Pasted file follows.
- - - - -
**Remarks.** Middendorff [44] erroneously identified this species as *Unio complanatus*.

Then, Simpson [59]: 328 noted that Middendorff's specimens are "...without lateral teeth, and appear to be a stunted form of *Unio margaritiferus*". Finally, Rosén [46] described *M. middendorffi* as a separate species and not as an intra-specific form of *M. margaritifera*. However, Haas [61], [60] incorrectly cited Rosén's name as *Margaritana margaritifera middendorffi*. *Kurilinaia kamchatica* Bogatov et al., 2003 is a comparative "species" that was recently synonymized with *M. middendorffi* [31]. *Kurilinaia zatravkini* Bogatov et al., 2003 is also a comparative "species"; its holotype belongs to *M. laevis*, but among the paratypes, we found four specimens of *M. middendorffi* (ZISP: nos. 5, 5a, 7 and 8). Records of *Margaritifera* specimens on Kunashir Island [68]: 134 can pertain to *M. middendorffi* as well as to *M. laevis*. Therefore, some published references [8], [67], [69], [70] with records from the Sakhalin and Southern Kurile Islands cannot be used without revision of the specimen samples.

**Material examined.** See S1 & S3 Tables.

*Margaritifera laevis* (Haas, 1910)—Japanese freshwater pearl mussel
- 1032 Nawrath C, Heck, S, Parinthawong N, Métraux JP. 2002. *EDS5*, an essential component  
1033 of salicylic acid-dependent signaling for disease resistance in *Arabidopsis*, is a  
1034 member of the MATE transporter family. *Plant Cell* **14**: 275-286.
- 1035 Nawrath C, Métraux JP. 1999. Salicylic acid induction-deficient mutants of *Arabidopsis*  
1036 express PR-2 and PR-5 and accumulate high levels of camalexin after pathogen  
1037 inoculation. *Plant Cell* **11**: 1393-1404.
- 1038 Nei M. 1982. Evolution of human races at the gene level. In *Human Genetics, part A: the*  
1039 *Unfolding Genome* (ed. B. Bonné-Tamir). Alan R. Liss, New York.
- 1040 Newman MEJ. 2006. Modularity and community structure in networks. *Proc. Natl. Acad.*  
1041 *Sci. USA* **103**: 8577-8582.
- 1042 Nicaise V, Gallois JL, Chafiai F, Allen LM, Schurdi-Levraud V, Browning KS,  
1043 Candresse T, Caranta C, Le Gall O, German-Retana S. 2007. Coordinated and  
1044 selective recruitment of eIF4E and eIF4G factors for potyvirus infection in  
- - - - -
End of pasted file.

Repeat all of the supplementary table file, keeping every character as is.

**Remarks.** Middendorff [44] erroneously identified this species as *Unio complanatus*.

Then, Simpson [59]: 328 noted that Middendorff's specimens are "...without lateral teeth, and appear to be a stunted form of *Unio margaritiferus*". Finally, Rosén [46] described *M. middendorffi* as a separate species and not as an intra-specific form of *M. margaritifera*. However, Haas [61], [60] incorrectly cited Rosén's name as *Margaritana margaritifera middendorffi*. *Kurilinaia kamchatica* Bogatov et al., 2003 is a comparative "species" that was recently synonymized with *M. middendorffi* [31]. *Kurilinaia zatravkini* Bogatov et al., 2003 is also a comparative "species"; its holotype belongs to *M. laevis*, but among the paratypes, we found four specimens of *M. middendorffi* (ZISP: nos. 5, 5a, 7 and 8). Records of *Margaritifera* specimens on Kunashir Island [68]: 134 can pertain to *M. middendorffi* as well as to *M. laevis*. Therefore, some published references [8], [67], [69], [70] with records from the Sakhalin and Southern Kurile Islands cannot be used without revision of the specimen samples.

**Material examined.** See S1 & S3 Tables.

*Margaritifera laevis* (Haas, 1910)—Japanese freshwater pearl mussel
- 1032 Nawrath C, Heck, S, Parinthawong N, Métraux JP. 2002. *EDS5*, an essential component  
1033 of salicylic acid-dependent signaling for disease resistance in *Arabidopsis*, is a  
1034 member of the MATE transporter family. *Plant Cell* **14**: 275-286.
- 1035 Nawrath C, Métraux JP. 1999. Salicylic acid induction-deficient mutants of *Arabidopsis*  
1036 express PR-2 and PR-5 and accumulate high levels of camalexin after pathogen  
1037 inoculation. *Plant Cell* **11**: 1393-1404.
- 1038 Nei M. 1982. Evolution of human races at the gene level. In *Human Genetics, part A: the*  
1039 *Unfolding Genome* (ed. B. Bonné-Tamir). Alan R. Liss, New York.
- 1040 Newman MEJ. 2006. Modularity and community structure in networks. *Proc. Natl. Acad.*  
1041 *Sci. USA* **103**: 8577-8582.
- 1042 Nicaise V, Gallois JL, Chafiai F, Allen LM, Schurdi-Levraud V, Browning KS,  
1043 Candresse T, Caranta C, Le Gall O, German-Retana S. 2007. Coordinated and  
1044 selective recruitment of eIF4E and eIF4G factors for potyvirus infection in  